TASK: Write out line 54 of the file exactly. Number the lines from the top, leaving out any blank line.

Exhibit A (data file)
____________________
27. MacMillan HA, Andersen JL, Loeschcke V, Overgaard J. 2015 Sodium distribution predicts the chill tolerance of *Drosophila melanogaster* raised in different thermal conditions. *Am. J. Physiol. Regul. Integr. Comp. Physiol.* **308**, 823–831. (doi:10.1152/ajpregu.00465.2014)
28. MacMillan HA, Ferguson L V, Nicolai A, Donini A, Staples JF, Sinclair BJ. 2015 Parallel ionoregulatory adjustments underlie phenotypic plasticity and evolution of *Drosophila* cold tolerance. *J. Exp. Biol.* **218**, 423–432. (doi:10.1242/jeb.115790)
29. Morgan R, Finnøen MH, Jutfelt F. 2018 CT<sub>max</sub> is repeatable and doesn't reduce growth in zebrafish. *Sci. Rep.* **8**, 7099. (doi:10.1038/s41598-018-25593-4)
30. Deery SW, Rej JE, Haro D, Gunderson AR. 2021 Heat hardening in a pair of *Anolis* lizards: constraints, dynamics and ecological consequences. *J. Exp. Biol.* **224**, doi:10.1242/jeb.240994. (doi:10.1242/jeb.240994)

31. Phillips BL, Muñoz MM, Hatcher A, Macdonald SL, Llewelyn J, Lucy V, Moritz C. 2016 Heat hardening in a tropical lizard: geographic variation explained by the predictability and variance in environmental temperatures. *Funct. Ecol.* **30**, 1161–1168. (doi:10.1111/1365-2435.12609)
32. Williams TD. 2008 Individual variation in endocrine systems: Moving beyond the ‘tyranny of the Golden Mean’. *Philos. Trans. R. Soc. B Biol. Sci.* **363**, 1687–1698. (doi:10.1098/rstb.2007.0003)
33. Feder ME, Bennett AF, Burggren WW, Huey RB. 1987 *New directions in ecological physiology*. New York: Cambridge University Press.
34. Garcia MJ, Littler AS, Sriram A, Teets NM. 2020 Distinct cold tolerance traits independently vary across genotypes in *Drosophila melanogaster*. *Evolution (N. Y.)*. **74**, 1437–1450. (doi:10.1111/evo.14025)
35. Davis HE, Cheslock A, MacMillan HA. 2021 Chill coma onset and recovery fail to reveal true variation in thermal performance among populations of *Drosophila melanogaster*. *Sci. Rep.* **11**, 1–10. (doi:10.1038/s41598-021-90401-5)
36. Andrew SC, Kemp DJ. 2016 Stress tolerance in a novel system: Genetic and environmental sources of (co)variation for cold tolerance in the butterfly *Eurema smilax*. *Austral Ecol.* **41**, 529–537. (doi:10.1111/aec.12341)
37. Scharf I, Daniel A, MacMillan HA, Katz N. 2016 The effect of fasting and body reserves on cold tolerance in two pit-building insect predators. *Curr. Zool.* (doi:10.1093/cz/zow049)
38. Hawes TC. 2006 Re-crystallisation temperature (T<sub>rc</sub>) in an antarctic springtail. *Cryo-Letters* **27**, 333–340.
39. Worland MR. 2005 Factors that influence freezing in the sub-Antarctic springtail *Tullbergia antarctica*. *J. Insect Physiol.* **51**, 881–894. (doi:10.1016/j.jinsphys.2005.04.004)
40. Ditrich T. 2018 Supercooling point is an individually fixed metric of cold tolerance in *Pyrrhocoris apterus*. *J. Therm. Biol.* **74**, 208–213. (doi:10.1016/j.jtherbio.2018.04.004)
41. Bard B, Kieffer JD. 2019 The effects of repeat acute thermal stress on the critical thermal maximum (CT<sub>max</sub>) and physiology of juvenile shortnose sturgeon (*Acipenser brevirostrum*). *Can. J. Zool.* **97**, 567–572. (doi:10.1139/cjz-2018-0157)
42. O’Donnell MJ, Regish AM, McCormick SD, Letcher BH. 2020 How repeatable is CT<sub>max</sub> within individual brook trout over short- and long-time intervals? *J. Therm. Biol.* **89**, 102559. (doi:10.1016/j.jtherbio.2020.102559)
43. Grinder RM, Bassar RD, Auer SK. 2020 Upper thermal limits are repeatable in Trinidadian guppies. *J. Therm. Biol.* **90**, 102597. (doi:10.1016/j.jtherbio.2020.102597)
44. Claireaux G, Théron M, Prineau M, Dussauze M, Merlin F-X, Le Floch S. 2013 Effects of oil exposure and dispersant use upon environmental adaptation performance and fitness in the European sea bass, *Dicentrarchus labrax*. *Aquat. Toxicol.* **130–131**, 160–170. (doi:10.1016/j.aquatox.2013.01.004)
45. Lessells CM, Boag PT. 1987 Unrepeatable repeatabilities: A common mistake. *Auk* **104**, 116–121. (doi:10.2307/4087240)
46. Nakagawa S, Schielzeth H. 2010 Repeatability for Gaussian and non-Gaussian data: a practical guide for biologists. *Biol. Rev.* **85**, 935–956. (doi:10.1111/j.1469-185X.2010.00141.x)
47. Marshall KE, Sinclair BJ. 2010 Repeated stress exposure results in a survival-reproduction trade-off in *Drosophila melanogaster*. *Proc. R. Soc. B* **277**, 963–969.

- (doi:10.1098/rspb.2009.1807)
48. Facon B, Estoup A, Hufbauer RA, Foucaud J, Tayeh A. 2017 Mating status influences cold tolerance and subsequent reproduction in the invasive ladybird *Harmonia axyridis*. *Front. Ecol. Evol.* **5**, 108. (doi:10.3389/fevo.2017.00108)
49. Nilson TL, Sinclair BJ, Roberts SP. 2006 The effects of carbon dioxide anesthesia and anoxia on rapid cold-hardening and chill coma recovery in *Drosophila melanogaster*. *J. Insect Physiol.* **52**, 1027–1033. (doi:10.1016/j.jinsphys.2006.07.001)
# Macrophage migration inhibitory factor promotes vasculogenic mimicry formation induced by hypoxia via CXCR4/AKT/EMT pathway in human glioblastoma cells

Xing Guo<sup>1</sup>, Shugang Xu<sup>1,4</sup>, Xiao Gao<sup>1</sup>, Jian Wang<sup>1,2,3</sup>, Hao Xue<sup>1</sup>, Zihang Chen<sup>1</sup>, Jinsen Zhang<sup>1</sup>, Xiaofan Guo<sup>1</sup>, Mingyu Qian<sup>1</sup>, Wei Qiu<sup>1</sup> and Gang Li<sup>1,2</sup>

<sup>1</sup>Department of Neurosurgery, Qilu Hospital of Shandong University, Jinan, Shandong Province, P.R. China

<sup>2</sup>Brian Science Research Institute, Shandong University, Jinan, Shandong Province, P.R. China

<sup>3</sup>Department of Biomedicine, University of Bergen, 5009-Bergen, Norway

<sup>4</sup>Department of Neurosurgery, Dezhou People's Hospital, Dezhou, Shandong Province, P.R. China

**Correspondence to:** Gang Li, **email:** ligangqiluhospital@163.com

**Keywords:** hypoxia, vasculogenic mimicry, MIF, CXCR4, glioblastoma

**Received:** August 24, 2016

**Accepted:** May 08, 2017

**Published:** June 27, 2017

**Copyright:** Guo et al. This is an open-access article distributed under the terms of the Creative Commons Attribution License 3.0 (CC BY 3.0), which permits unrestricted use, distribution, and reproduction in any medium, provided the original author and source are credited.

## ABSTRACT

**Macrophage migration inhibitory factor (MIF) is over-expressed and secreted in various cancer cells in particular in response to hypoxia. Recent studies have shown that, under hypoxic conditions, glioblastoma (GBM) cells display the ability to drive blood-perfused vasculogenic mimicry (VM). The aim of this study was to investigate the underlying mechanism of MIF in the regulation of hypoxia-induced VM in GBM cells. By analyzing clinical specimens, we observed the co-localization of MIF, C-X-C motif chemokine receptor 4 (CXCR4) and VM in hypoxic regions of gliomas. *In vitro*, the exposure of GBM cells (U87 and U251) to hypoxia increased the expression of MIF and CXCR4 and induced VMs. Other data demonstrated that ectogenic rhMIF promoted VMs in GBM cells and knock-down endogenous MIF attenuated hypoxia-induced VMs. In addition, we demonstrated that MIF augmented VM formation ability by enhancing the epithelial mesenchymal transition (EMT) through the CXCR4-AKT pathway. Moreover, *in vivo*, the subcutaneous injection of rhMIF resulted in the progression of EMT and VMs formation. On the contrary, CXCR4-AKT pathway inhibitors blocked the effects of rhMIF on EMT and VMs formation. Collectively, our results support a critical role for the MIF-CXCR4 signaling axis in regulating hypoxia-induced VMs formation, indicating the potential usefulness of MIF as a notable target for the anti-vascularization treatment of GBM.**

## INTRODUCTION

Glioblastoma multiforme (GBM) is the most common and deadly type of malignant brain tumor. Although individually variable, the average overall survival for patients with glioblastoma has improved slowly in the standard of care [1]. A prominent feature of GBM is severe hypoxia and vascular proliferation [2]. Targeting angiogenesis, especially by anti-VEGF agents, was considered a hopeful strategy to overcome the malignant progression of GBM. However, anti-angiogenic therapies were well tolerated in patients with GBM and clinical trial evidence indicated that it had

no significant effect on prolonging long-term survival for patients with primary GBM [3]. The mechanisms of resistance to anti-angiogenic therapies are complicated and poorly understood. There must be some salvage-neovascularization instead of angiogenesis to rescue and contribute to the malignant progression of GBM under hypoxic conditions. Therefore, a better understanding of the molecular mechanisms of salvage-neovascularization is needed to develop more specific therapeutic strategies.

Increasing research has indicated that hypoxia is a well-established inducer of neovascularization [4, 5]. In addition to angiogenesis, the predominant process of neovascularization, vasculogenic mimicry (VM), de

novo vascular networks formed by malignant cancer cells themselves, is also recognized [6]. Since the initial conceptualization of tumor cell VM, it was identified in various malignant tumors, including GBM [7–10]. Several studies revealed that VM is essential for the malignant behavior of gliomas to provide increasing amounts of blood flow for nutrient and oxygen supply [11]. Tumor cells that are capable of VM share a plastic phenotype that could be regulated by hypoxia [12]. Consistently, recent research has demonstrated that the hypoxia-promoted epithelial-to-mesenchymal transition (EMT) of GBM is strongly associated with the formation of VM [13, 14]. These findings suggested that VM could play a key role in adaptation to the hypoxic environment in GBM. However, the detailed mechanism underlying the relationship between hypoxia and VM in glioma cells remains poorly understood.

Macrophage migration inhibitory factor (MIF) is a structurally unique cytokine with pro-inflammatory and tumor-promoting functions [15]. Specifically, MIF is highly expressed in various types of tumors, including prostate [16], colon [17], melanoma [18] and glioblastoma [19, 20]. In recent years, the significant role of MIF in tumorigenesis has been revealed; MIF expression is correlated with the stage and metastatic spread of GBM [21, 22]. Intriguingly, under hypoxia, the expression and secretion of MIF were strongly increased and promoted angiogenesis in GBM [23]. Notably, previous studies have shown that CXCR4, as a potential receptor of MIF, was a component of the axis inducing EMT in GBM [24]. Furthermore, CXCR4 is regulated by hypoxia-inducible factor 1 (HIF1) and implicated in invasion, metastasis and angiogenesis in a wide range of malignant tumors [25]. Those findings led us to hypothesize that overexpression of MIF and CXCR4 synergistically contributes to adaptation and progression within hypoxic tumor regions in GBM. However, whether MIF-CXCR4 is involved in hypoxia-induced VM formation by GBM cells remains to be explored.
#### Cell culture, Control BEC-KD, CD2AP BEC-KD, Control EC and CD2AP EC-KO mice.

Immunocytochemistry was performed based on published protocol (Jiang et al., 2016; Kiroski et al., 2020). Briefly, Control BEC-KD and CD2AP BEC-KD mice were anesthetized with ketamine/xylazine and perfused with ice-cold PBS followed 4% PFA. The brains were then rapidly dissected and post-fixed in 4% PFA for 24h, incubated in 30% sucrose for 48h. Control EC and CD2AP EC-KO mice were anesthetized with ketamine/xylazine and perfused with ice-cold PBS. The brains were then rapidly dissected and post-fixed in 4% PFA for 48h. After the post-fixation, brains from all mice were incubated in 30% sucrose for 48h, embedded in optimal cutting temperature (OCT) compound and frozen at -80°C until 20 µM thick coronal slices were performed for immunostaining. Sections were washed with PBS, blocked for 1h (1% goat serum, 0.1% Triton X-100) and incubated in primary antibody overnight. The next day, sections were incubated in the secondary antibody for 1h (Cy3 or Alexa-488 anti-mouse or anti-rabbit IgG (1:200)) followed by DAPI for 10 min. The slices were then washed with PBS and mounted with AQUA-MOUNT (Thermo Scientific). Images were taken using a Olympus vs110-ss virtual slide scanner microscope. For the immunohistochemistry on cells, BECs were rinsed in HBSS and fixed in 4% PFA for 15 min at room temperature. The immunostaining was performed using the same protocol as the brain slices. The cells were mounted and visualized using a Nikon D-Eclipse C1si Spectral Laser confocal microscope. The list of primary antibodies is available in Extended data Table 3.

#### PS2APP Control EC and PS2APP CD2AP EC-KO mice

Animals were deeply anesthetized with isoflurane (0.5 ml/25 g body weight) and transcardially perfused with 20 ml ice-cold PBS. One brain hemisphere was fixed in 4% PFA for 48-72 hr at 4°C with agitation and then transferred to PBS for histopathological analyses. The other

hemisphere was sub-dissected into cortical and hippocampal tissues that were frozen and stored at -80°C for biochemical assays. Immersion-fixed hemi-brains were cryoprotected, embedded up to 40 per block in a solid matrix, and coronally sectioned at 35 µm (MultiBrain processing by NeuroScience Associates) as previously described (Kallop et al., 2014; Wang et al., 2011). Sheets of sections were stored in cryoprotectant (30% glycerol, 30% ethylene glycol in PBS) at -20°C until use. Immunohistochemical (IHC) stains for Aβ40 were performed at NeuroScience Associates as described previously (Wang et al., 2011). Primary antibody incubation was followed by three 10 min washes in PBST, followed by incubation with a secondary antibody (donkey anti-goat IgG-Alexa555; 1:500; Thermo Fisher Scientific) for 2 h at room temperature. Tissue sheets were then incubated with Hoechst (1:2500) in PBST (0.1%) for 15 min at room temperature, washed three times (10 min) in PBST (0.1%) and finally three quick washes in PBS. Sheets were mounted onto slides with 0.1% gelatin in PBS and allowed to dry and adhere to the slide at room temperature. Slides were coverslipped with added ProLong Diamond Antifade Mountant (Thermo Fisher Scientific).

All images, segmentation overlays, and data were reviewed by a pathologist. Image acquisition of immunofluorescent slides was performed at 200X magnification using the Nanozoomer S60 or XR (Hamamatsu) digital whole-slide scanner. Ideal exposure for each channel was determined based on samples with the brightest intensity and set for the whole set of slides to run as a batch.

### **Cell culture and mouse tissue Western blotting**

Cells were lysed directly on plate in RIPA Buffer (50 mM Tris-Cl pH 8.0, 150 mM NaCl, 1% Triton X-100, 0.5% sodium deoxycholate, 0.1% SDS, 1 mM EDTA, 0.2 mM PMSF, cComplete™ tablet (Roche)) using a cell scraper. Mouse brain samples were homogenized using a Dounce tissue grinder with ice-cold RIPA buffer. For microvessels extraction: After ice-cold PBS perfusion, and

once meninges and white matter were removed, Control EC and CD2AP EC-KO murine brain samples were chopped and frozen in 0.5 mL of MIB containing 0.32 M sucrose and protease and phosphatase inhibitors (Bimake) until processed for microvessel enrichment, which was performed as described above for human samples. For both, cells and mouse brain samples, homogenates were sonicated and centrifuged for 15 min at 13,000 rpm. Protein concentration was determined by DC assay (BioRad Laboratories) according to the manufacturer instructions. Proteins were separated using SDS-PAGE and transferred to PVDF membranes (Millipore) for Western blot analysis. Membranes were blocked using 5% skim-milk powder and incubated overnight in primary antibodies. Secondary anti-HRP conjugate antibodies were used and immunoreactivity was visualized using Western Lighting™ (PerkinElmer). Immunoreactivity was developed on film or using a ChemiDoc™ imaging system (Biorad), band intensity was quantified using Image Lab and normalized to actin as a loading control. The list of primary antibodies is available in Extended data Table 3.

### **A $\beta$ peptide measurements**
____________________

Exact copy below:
### **A $\beta$ peptide measurements**